Sword and the Script

PR: Don’t Sell Past the Close


dont sell past the close

PR can learn a lot from sales. Photo credit: Flickr

by Frank Strong

The first time I heard that phrase I was pitching my former boss on a creative PR idea. It was always a lively debate with him, and you had to prove the value convincingly; so I came to the meeting armed with data and proof points.

I was ready.

It was late on a Friday afternoon and the meeting had just started when he bought into my idea at the mere suggestion. That never happened. Except this once. Without needing all the arguments I had prepared to win him over — I was a little surprised.

Alright. That’s it. Meeting adjourned.

Not so fast. I continued, I mean after all, I had proof points to cement that agreement so it could never move. He put one hand up singling to me to stop.

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Market Research Mistake: Falling in Love with an Idea


Market Research Mistake

Self-checkout proved a costly market research mistake for Tesco. (Photo: Flickr)

by Frank Strong

In a perfect world, one grocer might have begun their market research with a null hypothesis.  “The null hypothesis assumes that any kind of difference or significance you see in a set of data is due to chance.”

Instead of setting out to prove the American consumer would enjoy the efficiency of self-checkout in the grocery store — they might have done better to set out to presume prospective customers did not gravitate to self-checkout until, “statistical evidence nullifies it for an alternative hypothesis.”

Or they could have walked into any grocery store — Kroger, Costco or Safeway — and watched as customers preferred to stand in line over using self-checkout.  Or how those taking the caculated risk in hopes of completing their shopping experience sooner, waged battle with a machine seems to assume every customer is either trying to steal groceries or is a teenager attempting to purchase alcoholic products.  Read More…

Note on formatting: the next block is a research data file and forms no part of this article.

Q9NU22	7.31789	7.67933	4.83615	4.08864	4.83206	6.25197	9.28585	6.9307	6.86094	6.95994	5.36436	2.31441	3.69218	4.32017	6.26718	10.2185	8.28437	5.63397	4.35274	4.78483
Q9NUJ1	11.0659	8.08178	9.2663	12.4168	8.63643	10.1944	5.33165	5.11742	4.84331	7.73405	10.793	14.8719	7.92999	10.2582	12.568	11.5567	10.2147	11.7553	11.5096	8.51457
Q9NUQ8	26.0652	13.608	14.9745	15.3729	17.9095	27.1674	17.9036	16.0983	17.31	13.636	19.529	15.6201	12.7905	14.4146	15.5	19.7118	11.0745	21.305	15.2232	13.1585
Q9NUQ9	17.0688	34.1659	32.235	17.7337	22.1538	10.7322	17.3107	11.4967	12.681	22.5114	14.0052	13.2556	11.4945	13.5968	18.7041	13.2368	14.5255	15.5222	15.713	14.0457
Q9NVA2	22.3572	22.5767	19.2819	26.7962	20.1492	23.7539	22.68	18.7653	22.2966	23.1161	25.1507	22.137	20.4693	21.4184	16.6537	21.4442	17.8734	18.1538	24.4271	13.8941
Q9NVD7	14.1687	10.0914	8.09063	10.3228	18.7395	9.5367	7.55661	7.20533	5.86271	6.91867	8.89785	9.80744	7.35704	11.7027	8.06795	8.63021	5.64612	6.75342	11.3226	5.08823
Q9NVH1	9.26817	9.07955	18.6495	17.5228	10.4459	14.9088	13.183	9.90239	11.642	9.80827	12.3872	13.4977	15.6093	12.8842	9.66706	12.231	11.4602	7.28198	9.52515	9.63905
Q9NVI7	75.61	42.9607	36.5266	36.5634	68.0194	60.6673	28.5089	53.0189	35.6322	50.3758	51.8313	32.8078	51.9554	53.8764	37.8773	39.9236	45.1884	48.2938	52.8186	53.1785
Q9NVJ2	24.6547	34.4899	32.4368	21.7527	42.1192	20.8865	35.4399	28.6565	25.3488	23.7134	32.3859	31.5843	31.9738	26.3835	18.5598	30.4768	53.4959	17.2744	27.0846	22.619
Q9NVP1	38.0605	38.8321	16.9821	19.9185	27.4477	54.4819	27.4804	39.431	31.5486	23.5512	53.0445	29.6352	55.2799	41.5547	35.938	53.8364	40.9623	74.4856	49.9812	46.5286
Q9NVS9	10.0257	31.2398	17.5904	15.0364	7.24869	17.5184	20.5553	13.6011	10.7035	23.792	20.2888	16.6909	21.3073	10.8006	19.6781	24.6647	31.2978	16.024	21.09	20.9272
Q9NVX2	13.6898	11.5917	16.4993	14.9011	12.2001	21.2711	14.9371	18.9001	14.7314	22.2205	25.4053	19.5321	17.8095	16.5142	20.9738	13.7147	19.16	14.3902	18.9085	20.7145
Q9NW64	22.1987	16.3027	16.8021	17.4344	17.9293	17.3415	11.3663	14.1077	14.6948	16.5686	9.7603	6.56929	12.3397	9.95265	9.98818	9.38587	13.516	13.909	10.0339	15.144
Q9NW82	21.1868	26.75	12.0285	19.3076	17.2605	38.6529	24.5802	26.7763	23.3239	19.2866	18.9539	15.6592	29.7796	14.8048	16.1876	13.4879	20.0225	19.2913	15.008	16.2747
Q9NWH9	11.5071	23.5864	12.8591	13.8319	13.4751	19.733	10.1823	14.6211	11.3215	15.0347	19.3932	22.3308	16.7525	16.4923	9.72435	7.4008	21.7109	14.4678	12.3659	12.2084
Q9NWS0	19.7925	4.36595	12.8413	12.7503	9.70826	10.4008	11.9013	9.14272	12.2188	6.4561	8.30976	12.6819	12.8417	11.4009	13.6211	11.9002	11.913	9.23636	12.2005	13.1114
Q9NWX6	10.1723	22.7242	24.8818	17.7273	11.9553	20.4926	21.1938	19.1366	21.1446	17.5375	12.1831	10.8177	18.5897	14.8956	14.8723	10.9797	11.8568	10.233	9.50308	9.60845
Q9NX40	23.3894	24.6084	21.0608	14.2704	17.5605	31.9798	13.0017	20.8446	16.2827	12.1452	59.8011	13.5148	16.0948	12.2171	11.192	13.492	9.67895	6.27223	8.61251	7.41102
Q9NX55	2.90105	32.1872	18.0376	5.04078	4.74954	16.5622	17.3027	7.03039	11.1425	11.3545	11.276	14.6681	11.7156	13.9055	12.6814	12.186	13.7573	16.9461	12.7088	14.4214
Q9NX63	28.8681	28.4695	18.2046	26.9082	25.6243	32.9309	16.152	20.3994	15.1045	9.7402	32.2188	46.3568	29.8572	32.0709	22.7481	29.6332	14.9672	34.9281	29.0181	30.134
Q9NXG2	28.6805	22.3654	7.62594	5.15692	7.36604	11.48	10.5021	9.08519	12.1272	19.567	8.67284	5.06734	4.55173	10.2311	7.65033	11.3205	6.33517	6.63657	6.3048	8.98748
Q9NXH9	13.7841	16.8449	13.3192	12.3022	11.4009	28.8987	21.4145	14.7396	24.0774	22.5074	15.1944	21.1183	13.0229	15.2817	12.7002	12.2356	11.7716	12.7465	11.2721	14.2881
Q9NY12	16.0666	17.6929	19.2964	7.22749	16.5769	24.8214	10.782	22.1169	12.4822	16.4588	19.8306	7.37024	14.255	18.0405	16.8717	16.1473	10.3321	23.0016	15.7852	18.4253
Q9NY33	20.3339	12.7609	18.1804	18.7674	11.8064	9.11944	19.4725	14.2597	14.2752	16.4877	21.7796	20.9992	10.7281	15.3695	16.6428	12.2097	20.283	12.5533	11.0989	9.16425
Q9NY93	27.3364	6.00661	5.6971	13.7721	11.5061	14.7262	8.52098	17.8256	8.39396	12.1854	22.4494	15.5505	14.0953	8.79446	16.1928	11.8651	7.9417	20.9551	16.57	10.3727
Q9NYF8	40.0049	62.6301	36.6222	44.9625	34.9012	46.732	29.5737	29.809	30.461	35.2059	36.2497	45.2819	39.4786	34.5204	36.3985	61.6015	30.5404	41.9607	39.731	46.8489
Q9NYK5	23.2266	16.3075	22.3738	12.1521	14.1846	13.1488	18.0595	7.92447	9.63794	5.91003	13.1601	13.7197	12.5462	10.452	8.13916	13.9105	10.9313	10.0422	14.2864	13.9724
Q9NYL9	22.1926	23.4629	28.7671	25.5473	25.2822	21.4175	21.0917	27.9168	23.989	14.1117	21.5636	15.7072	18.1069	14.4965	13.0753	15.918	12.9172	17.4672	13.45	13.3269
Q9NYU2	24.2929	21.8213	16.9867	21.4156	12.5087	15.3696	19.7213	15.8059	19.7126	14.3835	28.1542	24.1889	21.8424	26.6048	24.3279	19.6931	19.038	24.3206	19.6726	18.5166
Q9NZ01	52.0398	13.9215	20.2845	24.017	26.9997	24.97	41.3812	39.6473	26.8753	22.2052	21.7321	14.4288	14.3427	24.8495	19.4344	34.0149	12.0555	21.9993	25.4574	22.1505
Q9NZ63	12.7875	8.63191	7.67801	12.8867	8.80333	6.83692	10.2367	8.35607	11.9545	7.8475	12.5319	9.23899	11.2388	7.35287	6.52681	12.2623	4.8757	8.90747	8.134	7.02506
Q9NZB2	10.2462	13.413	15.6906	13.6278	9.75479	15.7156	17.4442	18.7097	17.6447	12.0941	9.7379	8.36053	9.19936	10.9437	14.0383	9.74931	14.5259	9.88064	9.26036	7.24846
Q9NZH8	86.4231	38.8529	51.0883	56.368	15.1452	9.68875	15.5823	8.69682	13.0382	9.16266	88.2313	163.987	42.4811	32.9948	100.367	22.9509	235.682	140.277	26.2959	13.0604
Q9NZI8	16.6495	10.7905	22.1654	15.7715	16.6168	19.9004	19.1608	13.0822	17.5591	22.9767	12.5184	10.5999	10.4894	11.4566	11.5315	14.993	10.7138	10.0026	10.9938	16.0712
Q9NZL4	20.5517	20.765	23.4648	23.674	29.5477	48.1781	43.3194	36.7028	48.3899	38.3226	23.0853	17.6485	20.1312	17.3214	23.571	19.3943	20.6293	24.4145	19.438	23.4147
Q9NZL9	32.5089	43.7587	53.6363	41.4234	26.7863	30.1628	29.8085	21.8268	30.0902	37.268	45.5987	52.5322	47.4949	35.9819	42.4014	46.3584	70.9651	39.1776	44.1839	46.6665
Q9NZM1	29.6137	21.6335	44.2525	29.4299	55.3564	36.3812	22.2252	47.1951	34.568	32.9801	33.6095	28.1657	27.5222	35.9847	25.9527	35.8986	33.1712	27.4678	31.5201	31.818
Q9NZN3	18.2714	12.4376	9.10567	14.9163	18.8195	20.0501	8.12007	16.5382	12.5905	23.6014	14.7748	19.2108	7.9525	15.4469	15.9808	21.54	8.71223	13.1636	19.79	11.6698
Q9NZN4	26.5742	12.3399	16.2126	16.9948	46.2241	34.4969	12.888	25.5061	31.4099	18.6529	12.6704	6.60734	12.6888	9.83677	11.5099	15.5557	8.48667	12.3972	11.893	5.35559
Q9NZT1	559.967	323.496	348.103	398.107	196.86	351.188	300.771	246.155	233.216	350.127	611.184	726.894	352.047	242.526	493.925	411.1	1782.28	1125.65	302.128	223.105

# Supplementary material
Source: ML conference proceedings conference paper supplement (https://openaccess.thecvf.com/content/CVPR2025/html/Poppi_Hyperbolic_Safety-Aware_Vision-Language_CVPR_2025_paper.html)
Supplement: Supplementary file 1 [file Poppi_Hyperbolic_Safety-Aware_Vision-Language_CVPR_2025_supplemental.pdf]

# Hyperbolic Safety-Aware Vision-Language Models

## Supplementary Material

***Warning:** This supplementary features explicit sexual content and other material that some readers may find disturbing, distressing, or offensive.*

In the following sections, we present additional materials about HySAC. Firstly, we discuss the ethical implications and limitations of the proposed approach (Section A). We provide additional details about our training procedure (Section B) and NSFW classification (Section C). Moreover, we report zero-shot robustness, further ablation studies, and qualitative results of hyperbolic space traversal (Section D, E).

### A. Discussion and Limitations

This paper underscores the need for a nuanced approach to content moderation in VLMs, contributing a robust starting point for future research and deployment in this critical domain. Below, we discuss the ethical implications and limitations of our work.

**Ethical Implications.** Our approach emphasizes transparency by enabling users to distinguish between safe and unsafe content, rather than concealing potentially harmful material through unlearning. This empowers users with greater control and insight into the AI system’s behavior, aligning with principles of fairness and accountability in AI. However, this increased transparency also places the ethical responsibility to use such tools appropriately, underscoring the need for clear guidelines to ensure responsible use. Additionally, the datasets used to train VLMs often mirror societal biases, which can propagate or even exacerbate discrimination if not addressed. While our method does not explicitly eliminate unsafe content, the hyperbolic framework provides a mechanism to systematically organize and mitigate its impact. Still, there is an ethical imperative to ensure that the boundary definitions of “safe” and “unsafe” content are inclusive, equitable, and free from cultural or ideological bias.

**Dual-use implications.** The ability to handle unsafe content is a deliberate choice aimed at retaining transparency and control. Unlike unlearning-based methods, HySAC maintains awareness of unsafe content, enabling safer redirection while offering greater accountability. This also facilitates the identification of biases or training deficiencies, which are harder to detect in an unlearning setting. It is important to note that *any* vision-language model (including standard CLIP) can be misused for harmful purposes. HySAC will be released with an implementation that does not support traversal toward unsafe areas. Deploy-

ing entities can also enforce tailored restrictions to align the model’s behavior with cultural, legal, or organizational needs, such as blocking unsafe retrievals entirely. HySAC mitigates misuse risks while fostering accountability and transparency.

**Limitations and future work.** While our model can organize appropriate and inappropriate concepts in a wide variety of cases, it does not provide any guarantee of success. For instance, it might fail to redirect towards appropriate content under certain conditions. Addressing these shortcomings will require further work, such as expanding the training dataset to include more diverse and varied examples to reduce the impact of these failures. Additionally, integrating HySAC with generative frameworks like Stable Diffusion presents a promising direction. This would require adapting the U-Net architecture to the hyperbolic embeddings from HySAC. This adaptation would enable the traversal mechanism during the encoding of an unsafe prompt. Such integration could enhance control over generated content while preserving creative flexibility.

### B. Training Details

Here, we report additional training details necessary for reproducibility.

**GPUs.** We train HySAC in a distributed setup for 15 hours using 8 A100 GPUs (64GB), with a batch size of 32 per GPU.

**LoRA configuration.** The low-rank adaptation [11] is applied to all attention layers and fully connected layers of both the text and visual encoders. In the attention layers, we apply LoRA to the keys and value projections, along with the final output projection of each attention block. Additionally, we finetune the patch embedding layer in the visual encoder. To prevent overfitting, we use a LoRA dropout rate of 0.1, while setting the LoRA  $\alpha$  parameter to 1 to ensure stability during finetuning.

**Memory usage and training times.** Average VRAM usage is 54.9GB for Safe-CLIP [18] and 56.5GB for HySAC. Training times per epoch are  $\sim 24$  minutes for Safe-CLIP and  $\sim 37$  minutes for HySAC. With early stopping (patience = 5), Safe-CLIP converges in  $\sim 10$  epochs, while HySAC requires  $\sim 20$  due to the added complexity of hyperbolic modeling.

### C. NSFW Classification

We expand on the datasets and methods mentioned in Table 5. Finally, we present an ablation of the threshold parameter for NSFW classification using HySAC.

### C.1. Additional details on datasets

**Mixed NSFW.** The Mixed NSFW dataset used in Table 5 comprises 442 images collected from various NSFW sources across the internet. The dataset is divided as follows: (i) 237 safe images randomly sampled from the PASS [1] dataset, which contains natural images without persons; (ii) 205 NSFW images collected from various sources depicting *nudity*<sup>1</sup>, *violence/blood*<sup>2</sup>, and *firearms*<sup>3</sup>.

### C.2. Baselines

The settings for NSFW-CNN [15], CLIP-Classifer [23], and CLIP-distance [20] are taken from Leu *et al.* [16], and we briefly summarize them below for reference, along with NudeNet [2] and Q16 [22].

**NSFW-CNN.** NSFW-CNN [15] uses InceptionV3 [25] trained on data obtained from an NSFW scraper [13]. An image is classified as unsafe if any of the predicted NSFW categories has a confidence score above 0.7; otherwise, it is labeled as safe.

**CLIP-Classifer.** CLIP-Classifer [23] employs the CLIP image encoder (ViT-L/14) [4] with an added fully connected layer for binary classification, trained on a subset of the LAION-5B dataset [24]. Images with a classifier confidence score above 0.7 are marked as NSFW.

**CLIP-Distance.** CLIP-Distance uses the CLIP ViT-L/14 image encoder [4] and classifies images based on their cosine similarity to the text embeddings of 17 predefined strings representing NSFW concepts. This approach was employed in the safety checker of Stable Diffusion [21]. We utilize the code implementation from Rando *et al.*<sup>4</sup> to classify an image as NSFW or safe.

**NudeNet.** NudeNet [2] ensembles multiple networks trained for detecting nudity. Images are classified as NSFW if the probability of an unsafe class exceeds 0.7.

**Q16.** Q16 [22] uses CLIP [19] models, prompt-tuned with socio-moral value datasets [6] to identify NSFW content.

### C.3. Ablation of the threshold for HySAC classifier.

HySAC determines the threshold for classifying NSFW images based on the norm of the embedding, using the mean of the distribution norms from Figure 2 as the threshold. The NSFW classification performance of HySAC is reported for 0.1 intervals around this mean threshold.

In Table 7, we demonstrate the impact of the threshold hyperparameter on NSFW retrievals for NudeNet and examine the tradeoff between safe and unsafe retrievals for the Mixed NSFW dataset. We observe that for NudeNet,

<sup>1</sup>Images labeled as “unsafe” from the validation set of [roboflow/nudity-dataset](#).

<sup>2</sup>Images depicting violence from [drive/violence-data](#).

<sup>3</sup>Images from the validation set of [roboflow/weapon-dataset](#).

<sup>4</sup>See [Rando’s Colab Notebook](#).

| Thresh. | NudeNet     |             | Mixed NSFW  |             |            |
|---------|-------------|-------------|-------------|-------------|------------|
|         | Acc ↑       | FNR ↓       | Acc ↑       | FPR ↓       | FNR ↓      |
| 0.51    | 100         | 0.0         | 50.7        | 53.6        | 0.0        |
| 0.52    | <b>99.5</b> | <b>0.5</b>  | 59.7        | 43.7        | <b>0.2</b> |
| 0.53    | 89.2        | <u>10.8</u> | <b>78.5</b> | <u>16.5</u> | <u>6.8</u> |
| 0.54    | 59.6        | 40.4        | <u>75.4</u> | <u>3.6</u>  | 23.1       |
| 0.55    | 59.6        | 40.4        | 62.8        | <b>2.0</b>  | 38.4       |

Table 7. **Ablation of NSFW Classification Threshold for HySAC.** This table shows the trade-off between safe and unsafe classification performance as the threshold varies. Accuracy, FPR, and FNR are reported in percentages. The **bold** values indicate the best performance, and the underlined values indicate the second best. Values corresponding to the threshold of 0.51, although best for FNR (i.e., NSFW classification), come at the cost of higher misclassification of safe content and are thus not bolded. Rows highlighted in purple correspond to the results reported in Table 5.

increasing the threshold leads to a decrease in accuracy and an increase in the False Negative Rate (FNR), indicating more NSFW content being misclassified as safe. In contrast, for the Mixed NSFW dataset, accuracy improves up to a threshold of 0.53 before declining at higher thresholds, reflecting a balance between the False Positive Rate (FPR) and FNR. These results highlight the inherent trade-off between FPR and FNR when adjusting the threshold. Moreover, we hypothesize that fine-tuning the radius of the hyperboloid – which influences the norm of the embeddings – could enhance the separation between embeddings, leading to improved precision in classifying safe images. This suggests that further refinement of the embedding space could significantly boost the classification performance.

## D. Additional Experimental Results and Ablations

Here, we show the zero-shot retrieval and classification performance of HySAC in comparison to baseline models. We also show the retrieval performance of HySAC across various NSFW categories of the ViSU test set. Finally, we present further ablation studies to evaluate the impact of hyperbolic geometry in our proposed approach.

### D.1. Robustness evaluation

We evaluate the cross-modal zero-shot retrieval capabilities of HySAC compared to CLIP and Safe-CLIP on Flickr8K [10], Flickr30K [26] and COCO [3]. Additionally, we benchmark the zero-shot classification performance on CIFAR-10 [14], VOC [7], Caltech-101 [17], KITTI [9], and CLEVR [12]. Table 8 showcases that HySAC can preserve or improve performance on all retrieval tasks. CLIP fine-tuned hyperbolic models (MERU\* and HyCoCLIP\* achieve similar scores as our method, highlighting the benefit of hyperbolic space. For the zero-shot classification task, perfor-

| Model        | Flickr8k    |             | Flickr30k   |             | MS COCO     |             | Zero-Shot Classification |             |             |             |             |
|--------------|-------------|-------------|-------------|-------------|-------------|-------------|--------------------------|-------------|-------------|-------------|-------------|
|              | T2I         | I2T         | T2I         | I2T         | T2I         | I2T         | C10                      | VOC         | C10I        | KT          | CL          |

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Spam Two Saturday: Louis Vuitton and What?


Spam Two Saturday

You will die if you try to consume spam like this. Photo credit: Flickr

I’m starting a new series about spam comments.  As this blog has grown, the bad PR pitches — from my peers I might add — has grown exponentially.  So too have the spam comments.

The difference? Spam emails are a hot button but spam comments are humor. Because spam comments are captured in Akismet I can review them at my leisure…when I need a chuckle.

Here’s the Spam Two Saturday: Read More…

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Autotweets Are Not Comparable to TV or Radio Ads


autotweets, schedule tweets

Photo credit: Flickr

There’s a debate over autotweets, or scheduled tweets during times of tragedy

This post kicked it off: Guy Kawasaki is too ‘popular’ to stop autotweets during Boston bombings. This post reinforced the point, with kinder language, but with words that bite: A Letter To Those Of You With 1,500 Twitter Followers Or Fewer.

And we’re off.  Knock down.  Drag out.  Online scrap.  It’s not productive.

The point of the post?

While the news about the tragic bombings at the Boston Marathon was just being broken, and for several hours afterwards, most companies shut down their promotional efforts on Twitter and other social media.

Most people and organizations rightly came to the conclusion that to continue to hawk their wares while a national tragedy was unfolding (and people were using Twitter to get and exchange news) was a little insensitive, to say the least.

Most brands stopped. And while I generally dislike the term “personal branding” because I believe within a company — that is a team environment — it is divisive  some people have become brands. In a company, this means there’s an inverse correlation between productivity and ego.   Read More…

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Three Observations the Morning After Tragedy


Thinking of Boston.

Thinking of Boston.

by Frank Strong

I first heard about it on Facebook.  A friend had posted this link to The Atlantic. Initially, the article simply had a couple lines of text and a few screenshots of tweets.  The site has since updated it to provide more complete coverage.

Senseless killing. Tragic. Incomprehensible.

My first reaction was: this is terrorism.  The last time we had a terrorist attack we went to war for a decade. In fact, we are still fighting it.  However, it’s worth noting, before 9/11, the predominant form of terrorism was from domestic lunatics, like the duo from Oklahoma City.

As of the time of this writing, no suspects have been identified and officials have simply said, they currently do not know. Read More…